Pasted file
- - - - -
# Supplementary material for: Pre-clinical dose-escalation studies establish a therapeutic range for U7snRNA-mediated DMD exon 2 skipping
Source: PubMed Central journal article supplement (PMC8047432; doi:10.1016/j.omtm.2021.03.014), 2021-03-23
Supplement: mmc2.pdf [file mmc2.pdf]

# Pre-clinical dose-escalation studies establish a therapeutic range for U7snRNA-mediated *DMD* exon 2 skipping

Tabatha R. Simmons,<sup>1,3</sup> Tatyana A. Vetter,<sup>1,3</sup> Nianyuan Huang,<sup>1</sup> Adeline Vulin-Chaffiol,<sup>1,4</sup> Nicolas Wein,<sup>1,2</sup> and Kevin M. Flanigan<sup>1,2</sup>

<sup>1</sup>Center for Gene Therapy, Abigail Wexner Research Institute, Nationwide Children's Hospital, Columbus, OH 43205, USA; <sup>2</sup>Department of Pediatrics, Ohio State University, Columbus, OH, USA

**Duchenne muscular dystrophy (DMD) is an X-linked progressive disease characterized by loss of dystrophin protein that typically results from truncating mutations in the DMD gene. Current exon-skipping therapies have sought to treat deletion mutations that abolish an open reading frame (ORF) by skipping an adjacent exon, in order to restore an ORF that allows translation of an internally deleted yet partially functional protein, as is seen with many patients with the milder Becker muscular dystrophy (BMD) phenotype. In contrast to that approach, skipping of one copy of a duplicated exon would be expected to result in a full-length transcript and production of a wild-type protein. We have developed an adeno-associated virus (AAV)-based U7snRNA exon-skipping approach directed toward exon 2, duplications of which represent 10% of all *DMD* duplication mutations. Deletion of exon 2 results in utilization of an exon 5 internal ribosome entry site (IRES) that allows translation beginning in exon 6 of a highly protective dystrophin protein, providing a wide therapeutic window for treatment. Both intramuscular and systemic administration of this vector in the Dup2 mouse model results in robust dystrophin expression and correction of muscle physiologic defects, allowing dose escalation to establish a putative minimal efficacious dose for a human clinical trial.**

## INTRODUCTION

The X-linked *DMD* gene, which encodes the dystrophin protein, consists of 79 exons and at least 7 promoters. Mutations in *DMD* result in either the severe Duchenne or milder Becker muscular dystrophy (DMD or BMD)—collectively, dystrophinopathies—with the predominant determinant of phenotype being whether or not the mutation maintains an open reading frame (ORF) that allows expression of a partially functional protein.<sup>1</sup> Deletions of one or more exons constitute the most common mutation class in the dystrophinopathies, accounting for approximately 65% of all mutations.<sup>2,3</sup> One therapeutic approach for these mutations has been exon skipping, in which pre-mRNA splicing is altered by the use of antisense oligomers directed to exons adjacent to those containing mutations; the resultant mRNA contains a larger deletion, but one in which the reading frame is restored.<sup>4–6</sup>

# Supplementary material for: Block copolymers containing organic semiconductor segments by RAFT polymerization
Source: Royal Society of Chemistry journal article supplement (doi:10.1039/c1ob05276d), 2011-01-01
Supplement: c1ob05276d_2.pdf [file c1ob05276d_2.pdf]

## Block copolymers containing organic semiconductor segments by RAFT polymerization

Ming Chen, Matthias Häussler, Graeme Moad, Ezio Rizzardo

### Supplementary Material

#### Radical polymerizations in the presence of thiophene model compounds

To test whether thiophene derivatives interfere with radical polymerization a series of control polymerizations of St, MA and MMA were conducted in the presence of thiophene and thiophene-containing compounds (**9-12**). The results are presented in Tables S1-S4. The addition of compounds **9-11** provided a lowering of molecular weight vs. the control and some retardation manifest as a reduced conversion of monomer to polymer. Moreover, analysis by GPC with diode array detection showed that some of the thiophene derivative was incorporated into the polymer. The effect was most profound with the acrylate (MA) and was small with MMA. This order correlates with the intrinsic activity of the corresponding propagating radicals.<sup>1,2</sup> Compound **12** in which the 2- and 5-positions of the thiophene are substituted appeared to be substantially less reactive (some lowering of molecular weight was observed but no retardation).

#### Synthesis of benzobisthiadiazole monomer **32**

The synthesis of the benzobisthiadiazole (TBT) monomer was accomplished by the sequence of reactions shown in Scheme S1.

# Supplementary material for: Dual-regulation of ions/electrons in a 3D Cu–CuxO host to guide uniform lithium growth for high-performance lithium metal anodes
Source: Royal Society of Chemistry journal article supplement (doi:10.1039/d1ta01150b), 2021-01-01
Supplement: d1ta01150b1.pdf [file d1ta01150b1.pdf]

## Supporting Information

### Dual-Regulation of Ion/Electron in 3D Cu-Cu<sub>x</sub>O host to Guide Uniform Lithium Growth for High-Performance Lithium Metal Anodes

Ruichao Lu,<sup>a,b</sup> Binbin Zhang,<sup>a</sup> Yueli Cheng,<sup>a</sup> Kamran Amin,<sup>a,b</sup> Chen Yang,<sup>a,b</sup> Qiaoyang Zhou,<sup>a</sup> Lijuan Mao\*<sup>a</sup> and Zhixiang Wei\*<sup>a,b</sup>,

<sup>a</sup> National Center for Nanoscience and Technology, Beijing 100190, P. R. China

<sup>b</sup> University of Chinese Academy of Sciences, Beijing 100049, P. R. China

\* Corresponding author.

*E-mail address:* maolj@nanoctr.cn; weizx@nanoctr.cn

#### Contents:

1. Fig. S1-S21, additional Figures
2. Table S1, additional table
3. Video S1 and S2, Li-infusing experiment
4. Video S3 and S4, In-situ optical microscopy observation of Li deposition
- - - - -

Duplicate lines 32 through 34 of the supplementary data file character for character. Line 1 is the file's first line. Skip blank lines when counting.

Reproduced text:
2. Table S1, additional table
3. Video S1 and S2, Li-infusing experiment
4. Video S3 and S4, In-situ optical microscopy observation of Li deposition